Professional Scrum Trainer
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Certification Path for UX Leads

Posted: September 13, 2019

Learning Path for UX Lead

Starting with PSF (Professional Scrum Foundations), a crash-course in iterative & incremental product development with self-organizing teams, a UX Lead could then explore new blends of design and engineering (PSU, Spec by Example), considerations for multi-team environments (SPS), and team leadership (PAL-E, PSPO).

Brief History of UX

Distant Past

Studies of our distant past (pre-1992!) indicate that nobody thought to listen to their users! Yes, I’m exaggerating. But only a little. How else could this be explained?

Push doors, no handles, with a pull sign.

The more complete truth is, particularly with digital product, the aspirations of human-computer interaction were awfully limited by technology constraints of the day. The realm of interaction design has tracked many failures, but not for the lack of trying.

Retro-futuristic videophone device. Prototype circa 1950.

Recent Past (early 90’s to present)

The fine work of Don Norman, Steve Krug, Alan Cooper (and others) indicate a change of mind. Computer hardware and software had become sufficiently powerful (and relatively inexpensive) as to allow sophisticated user interaction. It became apparent that the most successful products and companies were those which took seriously the feedback from end-users. The phrase “user-centered design” began a wave of changes in all design disciplines.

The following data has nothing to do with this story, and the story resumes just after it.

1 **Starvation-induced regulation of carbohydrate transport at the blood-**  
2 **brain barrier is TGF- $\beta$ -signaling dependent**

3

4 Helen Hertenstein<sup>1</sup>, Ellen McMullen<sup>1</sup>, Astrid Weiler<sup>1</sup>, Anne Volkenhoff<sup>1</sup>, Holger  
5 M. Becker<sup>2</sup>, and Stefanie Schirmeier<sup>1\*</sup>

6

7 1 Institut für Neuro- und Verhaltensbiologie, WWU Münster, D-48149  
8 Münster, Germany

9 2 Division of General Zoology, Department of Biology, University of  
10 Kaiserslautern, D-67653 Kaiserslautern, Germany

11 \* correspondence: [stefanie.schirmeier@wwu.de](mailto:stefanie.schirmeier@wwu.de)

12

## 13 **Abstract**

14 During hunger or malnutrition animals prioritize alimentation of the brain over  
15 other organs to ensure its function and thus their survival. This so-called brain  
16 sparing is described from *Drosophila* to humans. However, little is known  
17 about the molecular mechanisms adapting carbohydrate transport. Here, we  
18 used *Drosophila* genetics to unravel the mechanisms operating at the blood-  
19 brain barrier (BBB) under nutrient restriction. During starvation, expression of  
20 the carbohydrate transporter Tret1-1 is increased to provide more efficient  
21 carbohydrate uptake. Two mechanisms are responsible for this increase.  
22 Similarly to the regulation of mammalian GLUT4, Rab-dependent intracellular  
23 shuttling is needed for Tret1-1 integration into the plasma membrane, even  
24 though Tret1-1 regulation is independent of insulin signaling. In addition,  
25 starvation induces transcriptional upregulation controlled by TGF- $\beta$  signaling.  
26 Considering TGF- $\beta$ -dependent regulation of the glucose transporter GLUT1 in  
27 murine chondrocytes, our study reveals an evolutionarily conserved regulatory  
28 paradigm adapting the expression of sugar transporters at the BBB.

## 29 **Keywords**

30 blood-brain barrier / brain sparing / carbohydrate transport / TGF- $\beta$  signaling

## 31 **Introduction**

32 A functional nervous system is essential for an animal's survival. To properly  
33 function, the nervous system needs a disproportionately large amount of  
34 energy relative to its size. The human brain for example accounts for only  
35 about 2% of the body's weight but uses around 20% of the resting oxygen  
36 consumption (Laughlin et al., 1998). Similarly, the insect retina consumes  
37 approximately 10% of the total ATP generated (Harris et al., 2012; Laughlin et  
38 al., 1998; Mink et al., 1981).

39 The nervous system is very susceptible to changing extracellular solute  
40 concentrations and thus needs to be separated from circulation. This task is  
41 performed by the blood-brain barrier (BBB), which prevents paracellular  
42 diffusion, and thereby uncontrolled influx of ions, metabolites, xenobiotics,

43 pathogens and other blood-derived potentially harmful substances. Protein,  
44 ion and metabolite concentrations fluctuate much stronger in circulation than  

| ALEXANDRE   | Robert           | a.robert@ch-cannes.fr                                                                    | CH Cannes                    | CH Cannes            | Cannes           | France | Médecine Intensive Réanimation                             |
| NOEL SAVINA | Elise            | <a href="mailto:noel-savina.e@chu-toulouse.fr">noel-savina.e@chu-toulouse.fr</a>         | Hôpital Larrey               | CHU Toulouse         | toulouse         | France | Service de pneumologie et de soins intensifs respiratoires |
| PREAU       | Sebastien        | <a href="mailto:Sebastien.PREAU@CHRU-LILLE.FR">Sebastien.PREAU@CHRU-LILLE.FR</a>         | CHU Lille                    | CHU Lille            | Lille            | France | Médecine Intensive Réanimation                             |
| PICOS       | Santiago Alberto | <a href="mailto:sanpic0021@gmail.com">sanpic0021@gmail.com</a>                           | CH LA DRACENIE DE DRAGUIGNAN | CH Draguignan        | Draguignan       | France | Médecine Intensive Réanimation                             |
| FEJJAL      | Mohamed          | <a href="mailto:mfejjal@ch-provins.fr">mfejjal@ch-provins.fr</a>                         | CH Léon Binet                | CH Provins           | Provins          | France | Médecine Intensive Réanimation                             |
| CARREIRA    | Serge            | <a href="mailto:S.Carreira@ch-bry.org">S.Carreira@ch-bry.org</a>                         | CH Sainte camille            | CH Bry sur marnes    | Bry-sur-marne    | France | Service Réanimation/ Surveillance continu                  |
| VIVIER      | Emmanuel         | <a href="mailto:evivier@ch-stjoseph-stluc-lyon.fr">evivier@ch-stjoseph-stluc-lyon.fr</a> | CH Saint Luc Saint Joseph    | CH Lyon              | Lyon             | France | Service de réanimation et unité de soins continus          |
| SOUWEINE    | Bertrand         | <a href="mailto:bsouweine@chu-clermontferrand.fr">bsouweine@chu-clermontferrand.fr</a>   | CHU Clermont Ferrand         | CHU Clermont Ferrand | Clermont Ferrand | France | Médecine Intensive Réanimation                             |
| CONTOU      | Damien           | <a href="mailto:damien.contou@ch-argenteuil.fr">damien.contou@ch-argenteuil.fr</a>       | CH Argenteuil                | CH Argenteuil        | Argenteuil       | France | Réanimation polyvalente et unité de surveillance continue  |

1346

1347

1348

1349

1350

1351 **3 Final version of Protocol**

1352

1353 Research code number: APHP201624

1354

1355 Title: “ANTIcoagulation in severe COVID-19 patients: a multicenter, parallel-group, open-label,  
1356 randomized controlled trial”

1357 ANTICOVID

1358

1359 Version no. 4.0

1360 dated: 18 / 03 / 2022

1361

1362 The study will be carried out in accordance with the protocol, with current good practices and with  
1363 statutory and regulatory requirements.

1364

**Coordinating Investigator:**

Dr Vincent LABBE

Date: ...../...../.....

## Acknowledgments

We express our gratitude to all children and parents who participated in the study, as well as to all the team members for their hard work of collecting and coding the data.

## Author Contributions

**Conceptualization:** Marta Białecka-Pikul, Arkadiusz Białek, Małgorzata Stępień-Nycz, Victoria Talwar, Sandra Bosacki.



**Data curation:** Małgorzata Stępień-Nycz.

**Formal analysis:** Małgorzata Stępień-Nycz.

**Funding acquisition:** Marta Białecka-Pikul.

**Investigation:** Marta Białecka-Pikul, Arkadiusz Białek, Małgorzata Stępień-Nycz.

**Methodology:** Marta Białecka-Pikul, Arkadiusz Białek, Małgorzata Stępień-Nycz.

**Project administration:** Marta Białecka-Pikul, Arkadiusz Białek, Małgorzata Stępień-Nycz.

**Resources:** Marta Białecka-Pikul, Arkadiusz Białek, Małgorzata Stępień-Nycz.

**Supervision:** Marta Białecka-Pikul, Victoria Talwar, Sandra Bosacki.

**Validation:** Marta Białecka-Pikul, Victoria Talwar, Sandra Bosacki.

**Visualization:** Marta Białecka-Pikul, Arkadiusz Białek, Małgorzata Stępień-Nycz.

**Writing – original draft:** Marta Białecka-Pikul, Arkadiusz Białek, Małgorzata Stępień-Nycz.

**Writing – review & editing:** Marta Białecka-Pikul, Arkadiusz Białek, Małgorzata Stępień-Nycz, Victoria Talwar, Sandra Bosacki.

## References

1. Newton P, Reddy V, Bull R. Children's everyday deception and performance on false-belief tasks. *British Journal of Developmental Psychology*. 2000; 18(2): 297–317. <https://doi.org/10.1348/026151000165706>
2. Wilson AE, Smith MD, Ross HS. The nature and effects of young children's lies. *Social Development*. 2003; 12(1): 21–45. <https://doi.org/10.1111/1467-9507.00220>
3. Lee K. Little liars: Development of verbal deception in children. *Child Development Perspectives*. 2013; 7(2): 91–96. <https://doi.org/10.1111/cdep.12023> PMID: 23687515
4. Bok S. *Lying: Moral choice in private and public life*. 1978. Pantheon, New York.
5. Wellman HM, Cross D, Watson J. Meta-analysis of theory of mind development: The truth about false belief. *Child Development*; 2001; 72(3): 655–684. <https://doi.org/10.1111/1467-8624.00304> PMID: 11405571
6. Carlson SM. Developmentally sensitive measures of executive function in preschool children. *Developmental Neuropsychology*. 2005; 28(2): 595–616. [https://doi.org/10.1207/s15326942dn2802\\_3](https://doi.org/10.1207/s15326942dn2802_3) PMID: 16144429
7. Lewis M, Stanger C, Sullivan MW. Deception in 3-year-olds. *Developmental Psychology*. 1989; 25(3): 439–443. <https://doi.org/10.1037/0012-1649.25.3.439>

Fast-forward to present-day: Measurable and universal improvements have been made with respect to user interface design. Users now expect first-class treatment; and often, they get it.

Present Day

Design experts are increasingly aware that design is a testing activity. Excellent user experience is best achieved with tight feedback loops — and the richest feedback is derived from ‘done’ product. It’s no longer appropriate (if it ever was) to segregate design from development.

The best minds in the field are generally accepting the fact that the acts of designing, coding, testing, and using are not separate — trying to separate those activities (as if that’s possible) compromises quality and introduces risk and delay.

Most designers I have known are well-versed and self-motivated to learn about design thinking, user-centered design, usability testing, and so on. (Practices in which designers can perform in a silo.) Those are not the skills-gaps I observe. Rather, most designers I have known have not experienced, nor are they as interested in, team-based design practices like pair-programming, design in-browser, interactive proto-typing (with real UI, not sketched UI). And so on. (Activities in which design and code emerge simultaneously.)

To fill that gap, the path illustrated above provides exposure to a set of ideas and practices not yet typical of design disciplines.

Why would a UX Lead take each of the courses illustrated above?